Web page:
US Mash-Up May Save Obama from Showdown with Congress
Polling shows that the US public is becoming more concerned about climate change and more inclined to support measures that prevent it. A recent study by Duke university shows that support for action has increased to the highest level since 2006.
Obama is responding to that change in public mood as he delivered a call for Congress to bring a cap-and-trade bill in his state of the union address. But is federal legislation on cap-and-trade really necessary? Action is already taking hold through a number of different state, interstate and federal initiatives. This mash-up of climate policies could allow Obama to deliver lower emissions and green growth without a divisive showdown with the Republicans on federal legislation. It could also point the way for Europe.
Firstly, the Duke survey (which covered voters from all political parties) shows 64% of Americans now strongly or somewhat favour regulating greenhouse gas emissions. The report makes clear that “although Democrats are more willing than Republicans to support all policies, the preference for a regulatory or clean energy approach is shared across party lines”.
This is exactly the approach being taken by the federal environmental protection agency (EPA). By April the EPA is expected to complete carbon emission standards for building new power plants that would effectively prevent any new coal-fired facilities from being built. Regulation over existing coal-fired plant seems likely to follow. There will be further legal challenges, but the outgoing head of the EPA, Lisa Jackson, has laid the ground for her successor to institute comprehensive regulation of carbon dioxide emissions from numerous sources. If the Duke survey is correct, this will be the path of least resistance amongst US voters.
In the meantime, California has instituted a comprehensive cap-and-trade program and the US’s first market based carbon reduction mechanism – RGGI – is showing signs of a revival.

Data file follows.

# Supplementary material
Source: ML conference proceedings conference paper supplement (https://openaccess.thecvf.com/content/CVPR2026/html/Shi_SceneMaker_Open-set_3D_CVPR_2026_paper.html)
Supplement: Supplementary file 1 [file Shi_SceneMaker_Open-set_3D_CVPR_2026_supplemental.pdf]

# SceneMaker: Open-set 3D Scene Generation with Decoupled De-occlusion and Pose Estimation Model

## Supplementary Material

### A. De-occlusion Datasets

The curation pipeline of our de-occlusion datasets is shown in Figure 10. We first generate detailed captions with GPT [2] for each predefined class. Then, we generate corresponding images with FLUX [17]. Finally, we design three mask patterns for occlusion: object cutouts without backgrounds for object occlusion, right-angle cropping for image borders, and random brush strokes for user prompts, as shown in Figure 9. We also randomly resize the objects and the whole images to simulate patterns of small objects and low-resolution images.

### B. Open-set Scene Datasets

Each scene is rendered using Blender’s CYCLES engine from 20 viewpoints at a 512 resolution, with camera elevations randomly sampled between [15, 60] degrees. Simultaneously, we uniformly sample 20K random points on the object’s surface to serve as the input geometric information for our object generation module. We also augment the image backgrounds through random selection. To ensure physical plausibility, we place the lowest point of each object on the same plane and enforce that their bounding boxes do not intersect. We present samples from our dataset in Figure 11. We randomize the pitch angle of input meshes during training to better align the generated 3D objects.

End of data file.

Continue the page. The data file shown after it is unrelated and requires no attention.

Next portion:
The Regional Greenhouse Gas Initiative had been derided by commentators since falling gas prices reduced demand for dirty power and sent the price for RGGI allowances tumbling. But the nine participating north-eastern states announced plans to tighten the program’s cap this week triggering a surge in prices. Revenues from RGGI allowance auctions are ploughed into clean energy initiatives, meaning that a higher price in RGGI phase 2 could lead to a wave of renewable energy investments in the north east.
US emissions are currently falling. Investment in renewable energy is already strong, though that growth is partially a result of an Obama federal incentive plan that was introduced as a response to the financial crisis.
As US public opinion swings behind action on climate, the strong progress already being made at both state and national level may mean that a divisive federal climate bill may be unnecessary. Working out how these initiatives mesh together will be a challenge. But if it can be achieved, Obama will simply need to show strong leadership (for example through tonight’s speech, but also internationally) and support for the EPA, and the US could become a leader on climate action without a damaging showdown on capital hill.
Success in this regard opens a question for EU policy makers. Could the EU learn from an organic, state-led policy response to climate change rather than jumping through political hoops to save its increasing embattled flag-ship, the EU ETS?